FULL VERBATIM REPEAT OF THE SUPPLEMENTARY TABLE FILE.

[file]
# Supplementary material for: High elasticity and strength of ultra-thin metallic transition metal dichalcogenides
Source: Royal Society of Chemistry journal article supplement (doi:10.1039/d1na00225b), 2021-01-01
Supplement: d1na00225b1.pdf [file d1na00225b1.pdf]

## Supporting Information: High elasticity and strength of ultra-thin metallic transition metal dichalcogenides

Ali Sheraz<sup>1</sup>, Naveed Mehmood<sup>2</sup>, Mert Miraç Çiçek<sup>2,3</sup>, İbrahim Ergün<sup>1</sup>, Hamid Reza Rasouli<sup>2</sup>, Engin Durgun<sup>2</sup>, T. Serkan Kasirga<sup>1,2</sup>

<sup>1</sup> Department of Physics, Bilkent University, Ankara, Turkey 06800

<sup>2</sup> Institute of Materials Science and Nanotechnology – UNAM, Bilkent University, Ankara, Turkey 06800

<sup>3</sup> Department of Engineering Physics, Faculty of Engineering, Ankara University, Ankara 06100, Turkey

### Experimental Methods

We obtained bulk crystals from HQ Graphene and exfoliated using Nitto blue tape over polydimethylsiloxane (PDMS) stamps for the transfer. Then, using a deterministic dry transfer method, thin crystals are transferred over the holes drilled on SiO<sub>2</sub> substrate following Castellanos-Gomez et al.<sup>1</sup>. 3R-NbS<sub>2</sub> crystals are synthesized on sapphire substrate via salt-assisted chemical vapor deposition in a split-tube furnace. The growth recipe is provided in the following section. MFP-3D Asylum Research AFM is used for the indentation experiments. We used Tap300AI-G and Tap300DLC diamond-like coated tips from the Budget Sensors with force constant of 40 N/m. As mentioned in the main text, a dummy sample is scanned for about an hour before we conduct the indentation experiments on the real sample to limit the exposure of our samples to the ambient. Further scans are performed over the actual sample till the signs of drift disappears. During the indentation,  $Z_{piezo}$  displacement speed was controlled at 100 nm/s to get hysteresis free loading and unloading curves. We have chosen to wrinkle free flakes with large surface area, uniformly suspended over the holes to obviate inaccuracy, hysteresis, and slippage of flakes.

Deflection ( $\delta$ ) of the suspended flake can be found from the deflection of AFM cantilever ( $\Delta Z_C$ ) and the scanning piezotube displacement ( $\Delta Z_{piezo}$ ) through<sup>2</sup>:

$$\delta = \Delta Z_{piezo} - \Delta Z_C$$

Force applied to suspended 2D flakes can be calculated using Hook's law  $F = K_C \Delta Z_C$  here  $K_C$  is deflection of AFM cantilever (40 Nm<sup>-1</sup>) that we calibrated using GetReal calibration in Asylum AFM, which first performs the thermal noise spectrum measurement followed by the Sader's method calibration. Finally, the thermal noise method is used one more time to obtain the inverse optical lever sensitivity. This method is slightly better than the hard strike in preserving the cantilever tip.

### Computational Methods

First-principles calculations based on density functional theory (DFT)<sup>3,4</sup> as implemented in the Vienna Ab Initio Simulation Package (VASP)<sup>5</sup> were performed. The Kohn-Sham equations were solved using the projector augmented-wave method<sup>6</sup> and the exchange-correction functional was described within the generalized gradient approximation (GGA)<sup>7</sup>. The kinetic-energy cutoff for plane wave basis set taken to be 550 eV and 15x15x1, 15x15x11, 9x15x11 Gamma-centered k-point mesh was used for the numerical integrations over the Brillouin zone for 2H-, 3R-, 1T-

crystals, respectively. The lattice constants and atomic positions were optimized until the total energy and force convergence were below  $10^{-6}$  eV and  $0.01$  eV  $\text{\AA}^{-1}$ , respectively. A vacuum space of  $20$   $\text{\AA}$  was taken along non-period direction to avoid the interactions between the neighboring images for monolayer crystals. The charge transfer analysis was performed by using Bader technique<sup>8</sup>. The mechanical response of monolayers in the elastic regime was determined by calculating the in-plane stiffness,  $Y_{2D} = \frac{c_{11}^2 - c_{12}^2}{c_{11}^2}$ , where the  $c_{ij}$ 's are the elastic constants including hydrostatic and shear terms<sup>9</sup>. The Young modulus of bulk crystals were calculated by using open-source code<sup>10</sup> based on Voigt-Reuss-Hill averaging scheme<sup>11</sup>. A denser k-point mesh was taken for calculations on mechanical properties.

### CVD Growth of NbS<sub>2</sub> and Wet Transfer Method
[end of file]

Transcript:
# Supplementary material for: High elasticity and strength of ultra-thin metallic transition metal dichalcogenides
Source: Royal Society of Chemistry journal article supplement (doi:10.1039/d1na00225b), 2021-01-01
Supplement: d1na00225b1.pdf [file d1na00225b1.pdf]

## Supporting Information: High elasticity and strength of ultra-thin metallic transition metal dichalcogenides

Ali Sheraz<sup>1</sup>, Naveed Mehmood<sup>2</sup>, Mert Miraç Çiçek<sup>2,3</sup>, İbrahim Ergün<sup>1</sup>, Hamid Reza Rasouli<sup>2</sup>, Engin Durgun<sup>2</sup>, T. Serkan Kasirga<sup>1,2</sup>

<sup>1</sup> Department of Physics, Bilkent University, Ankara, Turkey 06800

<sup>2</sup> Institute of Materials Science and Nanotechnology – UNAM, Bilkent University, Ankara, Turkey 06800

<sup>3</sup> Department of Engineering Physics, Faculty of Engineering, Ankara University, Ankara 06100, Turkey

### Experimental Methods

We obtained bulk crystals from HQ Graphene and exfoliated using Nitto blue tape over polydimethylsiloxane (PDMS) stamps for the transfer. Then, using a deterministic dry transfer method, thin crystals are transferred over the holes drilled on SiO<sub>2</sub> substrate following Castellanos-Gomez et al.<sup>1</sup>. 3R-NbS<sub>2</sub> crystals are synthesized on sapphire substrate via salt-assisted chemical vapor deposition in a split-tube furnace. The growth recipe is provided in the following section. MFP-3D Asylum Research AFM is used for the indentation experiments. We used Tap300AI-G and Tap300DLC diamond-like coated tips from the Budget Sensors with force constant of 40 N/m. As mentioned in the main text, a dummy sample is scanned for about an hour before we conduct the indentation experiments on the real sample to limit the exposure of our samples to the ambient. Further scans are performed over the actual sample till the signs of drift disappears. During the indentation,  $Z_{piezo}$  displacement speed was controlled at 100 nm/s to get hysteresis free loading and unloading curves. We have chosen to wrinkle free flakes with large surface area, uniformly suspended over the holes to obviate inaccuracy, hysteresis, and slippage of flakes.

Deflection ( $\delta$ ) of the suspended flake can be found from the deflection of AFM cantilever ( $\Delta Z_C$ ) and the scanning piezotube displacement ( $\Delta Z_{piezo}$ ) through<sup>2</sup>:

$$\delta = \Delta Z_{piezo} - \Delta Z_C$$

Force applied to suspended 2D flakes can be calculated using Hook's law  $F = K_C \Delta Z_C$  here  $K_C$  is deflection of AFM cantilever (40 Nm<sup>-1</sup>) that we calibrated using GetReal calibration in Asylum AFM, which first performs the thermal noise spectrum measurement followed by the Sader's method calibration. Finally, the thermal noise method is used one more time to obtain the inverse optical lever sensitivity. This method is slightly better than the hard strike in preserving the cantilever tip.

### Computational Methods

First-principles calculations based on density functional theory (DFT)<sup>3,4</sup> as implemented in the Vienna Ab Initio Simulation Package (VASP)<sup>5</sup> were performed. The Kohn-Sham equations were solved using the projector augmented-wave method<sup>6</sup> and the exchange-correction functional was described within the generalized gradient approximation (GGA)<sup>7</sup>. The kinetic-energy cutoff for plane wave basis set taken to be 550 eV and 15x15x1, 15x15x11, 9x15x11 Gamma-centered k-point mesh was used for the numerical integrations over the Brillouin zone for 2H-, 3R-, 1T-

crystals, respectively. The lattice constants and atomic positions were optimized until the total energy and force convergence were below  $10^{-6}$  eV and  $0.01$  eV  $\text{\AA}^{-1}$ , respectively. A vacuum space of  $20$   $\text{\AA}$  was taken along non-period direction to avoid the interactions between the neighboring images for monolayer crystals. The charge transfer analysis was performed by using Bader technique<sup>8</sup>. The mechanical response of monolayers in the elastic regime was determined by calculating the in-plane stiffness,  $Y_{2D} = \frac{c_{11}^2 - c_{12}^2}{c_{11}^2}$ , where the  $c_{ij}$ 's are the elastic constants including hydrostatic and shear terms<sup>9</sup>. The Young modulus of bulk crystals were calculated by using open-source code<sup>10</sup> based on Voigt-Reuss-Hill averaging scheme<sup>11</sup>. A denser k-point mesh was taken for calculations on mechanical properties.

### CVD Growth of NbS<sub>2</sub> and Wet Transfer Method